The Charity Commission is looking into right-wing think tank the Institute of Economic Affairs, which produced ‘sock puppet’ research lobbying for government to restrict charity advocacy.
The Commission received a complaint from Andrew Purkis, a former Commission board member and chair of several charities.
Purkis wrote to Paula Sussex, chief executive of the Commission, saying that the IEA, a registered charity, did not appear to be carrying out any charitable activity.
The IEA has consistently lobbied government to prevent charities which receive public funding from lobbying government. It produced two reports saying that charities were being used as "sock puppets" by government to lobby itself.
The reports were cited by Matt Hancock, minister for the Cabinet Office, in his announcement that charities receiving government grants would no longer be allowed to use that money to advocate on behalf of beneficiaries.
Purkis said the IEA was in breach of Commission principles by refusing to reveal the funds it used for this political lobbying, and also said that promoting a particular economic viewpoint was not a charitable activity.
“We will consider the issues you have raised about the Institute's campaigning and political activities and whether it is acting in furtherance of its charitable purposes,” Sussex wrote back.
“I have therefore asked our Permissions and Compliance Team to take this forward and let you have a response after they have conducted their investigations.”
Purkis quoted Commission EU guidance which said: ‘If your charity does get involved in any political activity connected with the referendum, you should ensure that, during such involvement, you publicly acknowledge the source of your funding so that the reasons for your involvement can be fully assessed.’
“This principle applies pari passu to the contentious political activity of the IEA, trying to lobby government in favour of restricting use of government funds for charity advocacy and engaging in wider influencing work against "nanny state" policies relating to lifestyles and public health,” he wrote.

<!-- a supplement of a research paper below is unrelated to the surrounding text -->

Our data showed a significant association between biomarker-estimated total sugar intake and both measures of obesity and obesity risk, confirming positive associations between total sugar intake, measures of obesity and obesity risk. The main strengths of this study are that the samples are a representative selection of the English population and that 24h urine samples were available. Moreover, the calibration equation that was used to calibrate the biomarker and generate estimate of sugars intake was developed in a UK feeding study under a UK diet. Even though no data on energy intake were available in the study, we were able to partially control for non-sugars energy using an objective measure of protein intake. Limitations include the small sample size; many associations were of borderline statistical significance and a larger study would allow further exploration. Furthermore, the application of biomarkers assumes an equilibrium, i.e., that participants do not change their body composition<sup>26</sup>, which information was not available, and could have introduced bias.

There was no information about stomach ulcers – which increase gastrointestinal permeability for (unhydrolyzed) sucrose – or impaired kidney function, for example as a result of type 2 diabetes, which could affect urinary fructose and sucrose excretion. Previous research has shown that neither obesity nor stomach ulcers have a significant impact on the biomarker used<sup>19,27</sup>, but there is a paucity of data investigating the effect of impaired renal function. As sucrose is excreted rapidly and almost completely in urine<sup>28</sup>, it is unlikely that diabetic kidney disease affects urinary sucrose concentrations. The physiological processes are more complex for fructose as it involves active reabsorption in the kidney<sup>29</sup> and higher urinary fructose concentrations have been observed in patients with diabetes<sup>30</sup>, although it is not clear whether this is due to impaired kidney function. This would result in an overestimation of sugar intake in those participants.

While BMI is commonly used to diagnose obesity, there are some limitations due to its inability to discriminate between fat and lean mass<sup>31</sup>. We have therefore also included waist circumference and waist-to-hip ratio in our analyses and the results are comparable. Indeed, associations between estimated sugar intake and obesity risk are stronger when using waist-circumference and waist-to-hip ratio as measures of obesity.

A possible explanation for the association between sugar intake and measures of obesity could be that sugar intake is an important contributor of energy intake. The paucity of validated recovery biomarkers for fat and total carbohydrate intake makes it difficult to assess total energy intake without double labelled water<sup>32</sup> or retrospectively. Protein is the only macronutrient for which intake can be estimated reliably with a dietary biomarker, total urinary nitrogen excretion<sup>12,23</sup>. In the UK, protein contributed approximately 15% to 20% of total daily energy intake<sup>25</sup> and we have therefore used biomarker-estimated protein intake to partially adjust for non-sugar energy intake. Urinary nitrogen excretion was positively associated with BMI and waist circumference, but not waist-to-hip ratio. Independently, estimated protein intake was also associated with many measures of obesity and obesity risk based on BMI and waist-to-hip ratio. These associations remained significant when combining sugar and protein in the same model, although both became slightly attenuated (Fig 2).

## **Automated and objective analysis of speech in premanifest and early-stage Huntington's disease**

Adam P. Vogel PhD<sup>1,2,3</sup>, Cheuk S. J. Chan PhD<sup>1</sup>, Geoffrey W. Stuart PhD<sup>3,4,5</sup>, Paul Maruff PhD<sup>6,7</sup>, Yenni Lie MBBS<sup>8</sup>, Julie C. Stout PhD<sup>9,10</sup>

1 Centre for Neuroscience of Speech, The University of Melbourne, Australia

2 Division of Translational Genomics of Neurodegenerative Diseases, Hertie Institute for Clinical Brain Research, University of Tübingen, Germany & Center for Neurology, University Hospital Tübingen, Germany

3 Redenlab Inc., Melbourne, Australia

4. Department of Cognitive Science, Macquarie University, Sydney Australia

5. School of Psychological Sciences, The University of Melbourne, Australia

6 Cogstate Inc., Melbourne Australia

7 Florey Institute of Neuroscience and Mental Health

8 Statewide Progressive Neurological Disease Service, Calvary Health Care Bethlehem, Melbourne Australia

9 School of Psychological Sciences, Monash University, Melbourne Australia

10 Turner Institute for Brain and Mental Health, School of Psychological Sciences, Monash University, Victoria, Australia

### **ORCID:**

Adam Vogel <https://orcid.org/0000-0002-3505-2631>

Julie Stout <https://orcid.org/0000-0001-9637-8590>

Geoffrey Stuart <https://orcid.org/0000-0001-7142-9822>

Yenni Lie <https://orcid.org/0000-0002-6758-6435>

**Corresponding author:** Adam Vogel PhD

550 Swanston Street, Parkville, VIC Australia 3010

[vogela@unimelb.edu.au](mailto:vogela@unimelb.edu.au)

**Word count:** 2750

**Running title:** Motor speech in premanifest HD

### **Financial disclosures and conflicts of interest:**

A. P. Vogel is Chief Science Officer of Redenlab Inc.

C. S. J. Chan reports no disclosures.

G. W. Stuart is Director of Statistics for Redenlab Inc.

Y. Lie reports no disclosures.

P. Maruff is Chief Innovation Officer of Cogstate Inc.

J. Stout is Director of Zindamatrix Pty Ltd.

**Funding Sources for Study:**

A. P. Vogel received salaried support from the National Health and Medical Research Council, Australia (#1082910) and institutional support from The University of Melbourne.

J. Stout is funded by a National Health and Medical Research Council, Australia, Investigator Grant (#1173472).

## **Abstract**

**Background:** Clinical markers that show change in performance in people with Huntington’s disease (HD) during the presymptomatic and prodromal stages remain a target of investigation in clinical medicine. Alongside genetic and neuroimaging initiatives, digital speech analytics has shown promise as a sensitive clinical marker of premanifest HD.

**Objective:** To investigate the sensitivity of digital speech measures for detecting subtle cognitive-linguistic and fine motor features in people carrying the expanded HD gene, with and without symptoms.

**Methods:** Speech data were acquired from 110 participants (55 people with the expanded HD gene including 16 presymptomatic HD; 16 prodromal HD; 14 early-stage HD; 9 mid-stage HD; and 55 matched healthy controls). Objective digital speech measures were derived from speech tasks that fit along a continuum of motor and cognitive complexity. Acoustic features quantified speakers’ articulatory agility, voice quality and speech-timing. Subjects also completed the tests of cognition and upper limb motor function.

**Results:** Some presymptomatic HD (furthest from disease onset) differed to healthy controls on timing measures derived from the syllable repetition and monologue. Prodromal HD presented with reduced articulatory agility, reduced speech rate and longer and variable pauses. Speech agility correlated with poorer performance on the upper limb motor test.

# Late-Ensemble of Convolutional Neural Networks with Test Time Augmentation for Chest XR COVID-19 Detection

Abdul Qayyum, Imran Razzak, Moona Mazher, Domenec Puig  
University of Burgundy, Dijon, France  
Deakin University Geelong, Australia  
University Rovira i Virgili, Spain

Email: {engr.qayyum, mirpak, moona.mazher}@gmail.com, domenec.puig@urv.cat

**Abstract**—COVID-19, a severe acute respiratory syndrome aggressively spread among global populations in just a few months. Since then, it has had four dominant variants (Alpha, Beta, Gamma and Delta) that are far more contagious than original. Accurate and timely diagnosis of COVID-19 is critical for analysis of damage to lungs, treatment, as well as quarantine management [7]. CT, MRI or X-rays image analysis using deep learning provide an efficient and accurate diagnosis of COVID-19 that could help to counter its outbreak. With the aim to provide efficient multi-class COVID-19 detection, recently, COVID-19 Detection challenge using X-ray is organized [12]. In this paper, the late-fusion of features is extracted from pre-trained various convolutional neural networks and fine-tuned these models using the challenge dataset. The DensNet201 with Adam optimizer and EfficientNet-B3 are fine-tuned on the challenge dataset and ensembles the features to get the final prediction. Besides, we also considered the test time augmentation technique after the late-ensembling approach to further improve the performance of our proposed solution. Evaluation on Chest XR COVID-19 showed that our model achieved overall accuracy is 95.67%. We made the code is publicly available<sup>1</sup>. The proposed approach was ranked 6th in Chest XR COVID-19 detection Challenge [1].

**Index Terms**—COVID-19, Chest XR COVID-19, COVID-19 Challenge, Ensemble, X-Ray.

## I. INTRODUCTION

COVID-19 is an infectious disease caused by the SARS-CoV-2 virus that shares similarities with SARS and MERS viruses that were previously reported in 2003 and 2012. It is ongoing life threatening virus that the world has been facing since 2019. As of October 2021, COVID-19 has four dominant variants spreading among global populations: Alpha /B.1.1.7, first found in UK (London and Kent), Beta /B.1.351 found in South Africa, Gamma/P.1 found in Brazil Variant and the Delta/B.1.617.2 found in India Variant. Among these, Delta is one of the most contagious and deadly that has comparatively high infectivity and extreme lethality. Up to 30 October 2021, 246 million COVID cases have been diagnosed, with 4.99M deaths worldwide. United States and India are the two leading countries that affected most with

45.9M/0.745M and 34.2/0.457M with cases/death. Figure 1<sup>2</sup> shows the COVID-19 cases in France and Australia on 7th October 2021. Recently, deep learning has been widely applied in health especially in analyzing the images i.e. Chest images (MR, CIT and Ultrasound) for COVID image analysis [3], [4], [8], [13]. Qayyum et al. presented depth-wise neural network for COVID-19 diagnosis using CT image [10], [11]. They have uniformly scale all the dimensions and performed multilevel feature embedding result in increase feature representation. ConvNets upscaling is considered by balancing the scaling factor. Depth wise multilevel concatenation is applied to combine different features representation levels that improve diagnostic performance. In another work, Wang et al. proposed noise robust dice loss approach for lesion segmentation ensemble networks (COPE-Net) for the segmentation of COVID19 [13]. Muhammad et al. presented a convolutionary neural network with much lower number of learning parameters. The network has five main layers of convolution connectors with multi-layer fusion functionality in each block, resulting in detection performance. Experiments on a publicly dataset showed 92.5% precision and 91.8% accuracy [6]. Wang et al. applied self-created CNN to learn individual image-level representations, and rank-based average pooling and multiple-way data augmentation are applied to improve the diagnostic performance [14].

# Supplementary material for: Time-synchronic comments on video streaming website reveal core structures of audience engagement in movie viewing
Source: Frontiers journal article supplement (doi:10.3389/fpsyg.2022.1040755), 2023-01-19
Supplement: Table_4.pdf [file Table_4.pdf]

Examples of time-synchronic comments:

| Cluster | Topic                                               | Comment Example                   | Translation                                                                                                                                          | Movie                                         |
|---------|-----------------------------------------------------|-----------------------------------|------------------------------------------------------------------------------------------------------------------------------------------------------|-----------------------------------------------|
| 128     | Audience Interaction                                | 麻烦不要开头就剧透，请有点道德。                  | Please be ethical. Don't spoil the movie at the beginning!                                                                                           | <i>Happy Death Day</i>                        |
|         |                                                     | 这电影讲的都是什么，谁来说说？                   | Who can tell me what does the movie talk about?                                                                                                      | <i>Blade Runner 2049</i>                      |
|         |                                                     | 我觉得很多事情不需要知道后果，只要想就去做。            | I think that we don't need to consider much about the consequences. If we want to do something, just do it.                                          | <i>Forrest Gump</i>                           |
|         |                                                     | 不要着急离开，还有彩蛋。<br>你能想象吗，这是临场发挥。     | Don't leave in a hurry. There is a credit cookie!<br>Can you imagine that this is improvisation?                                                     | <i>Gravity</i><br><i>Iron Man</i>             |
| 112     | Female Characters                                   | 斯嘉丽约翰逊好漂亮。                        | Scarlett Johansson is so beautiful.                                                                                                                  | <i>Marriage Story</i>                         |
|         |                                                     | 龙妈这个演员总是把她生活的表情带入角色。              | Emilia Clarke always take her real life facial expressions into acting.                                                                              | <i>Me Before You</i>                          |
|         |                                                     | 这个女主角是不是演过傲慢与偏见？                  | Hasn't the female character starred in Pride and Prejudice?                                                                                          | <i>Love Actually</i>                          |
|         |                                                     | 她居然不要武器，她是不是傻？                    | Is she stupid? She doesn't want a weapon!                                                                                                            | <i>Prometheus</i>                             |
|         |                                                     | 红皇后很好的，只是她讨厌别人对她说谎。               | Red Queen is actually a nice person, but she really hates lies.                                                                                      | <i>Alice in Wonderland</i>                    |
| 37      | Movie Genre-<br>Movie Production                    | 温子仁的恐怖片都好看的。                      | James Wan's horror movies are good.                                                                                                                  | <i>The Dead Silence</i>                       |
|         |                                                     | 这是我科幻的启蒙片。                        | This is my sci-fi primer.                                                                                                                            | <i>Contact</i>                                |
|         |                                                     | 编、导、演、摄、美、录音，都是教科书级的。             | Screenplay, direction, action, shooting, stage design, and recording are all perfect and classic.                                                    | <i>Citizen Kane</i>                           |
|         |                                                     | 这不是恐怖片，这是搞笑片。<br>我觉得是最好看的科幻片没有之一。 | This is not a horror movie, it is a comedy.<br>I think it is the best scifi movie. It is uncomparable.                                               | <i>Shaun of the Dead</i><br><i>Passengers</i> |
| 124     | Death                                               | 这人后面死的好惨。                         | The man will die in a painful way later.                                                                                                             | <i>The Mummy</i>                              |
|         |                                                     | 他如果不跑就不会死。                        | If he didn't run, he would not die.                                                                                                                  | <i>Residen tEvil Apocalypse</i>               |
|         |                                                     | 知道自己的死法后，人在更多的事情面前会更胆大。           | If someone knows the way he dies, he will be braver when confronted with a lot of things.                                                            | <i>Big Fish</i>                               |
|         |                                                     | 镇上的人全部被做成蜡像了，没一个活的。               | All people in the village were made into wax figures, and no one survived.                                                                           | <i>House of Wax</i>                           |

“Yet the IEA trustees’ report does not identify the sources of the donations on which the charity mainly relies, and this lack of transparency, especially in relation to the activities I have mentioned, has led to widespread allegations that vested interests such as tobacco companies or the food industry may be involved.
“I understand that Mr Christopher Snowdon, director of lifestyle economics has refused to disclose the source of the funding for his work. This infringes the guidance quoted above and detracts from the reputation of the charity as a contributor to public debate and policy-making.
“Secondly, my understanding is that promoting a particular view of economics is not in itself a charitable objective, and the IEA must carry out its charitable objective of contributing to learning and education.
“Again, my understanding is that learning and education is not understood by the Commission or the courts to be promoting a particular view or outcome. It must be aimed at a broader understanding, not acceptance of a particular prescription. Yet it seems that some of the political activities of the IEA involve influencing and lobbying ministers and politicians in favour of a very particular prescription such as introducing gagging clauses into grants to charities, or curtailing particular kinds of public health policies.
“If the promotion of free market economics were a charitable objective, it is clear that such activity could be a means of pursuing it, but it is not at all clear how this activity can be a means of pursuing the advancement of learning and education. So I request the Commission to investigate whether in respect of specific and contentious campaigning and lobbying activity the IEA has been acting properly within its charitable objects.”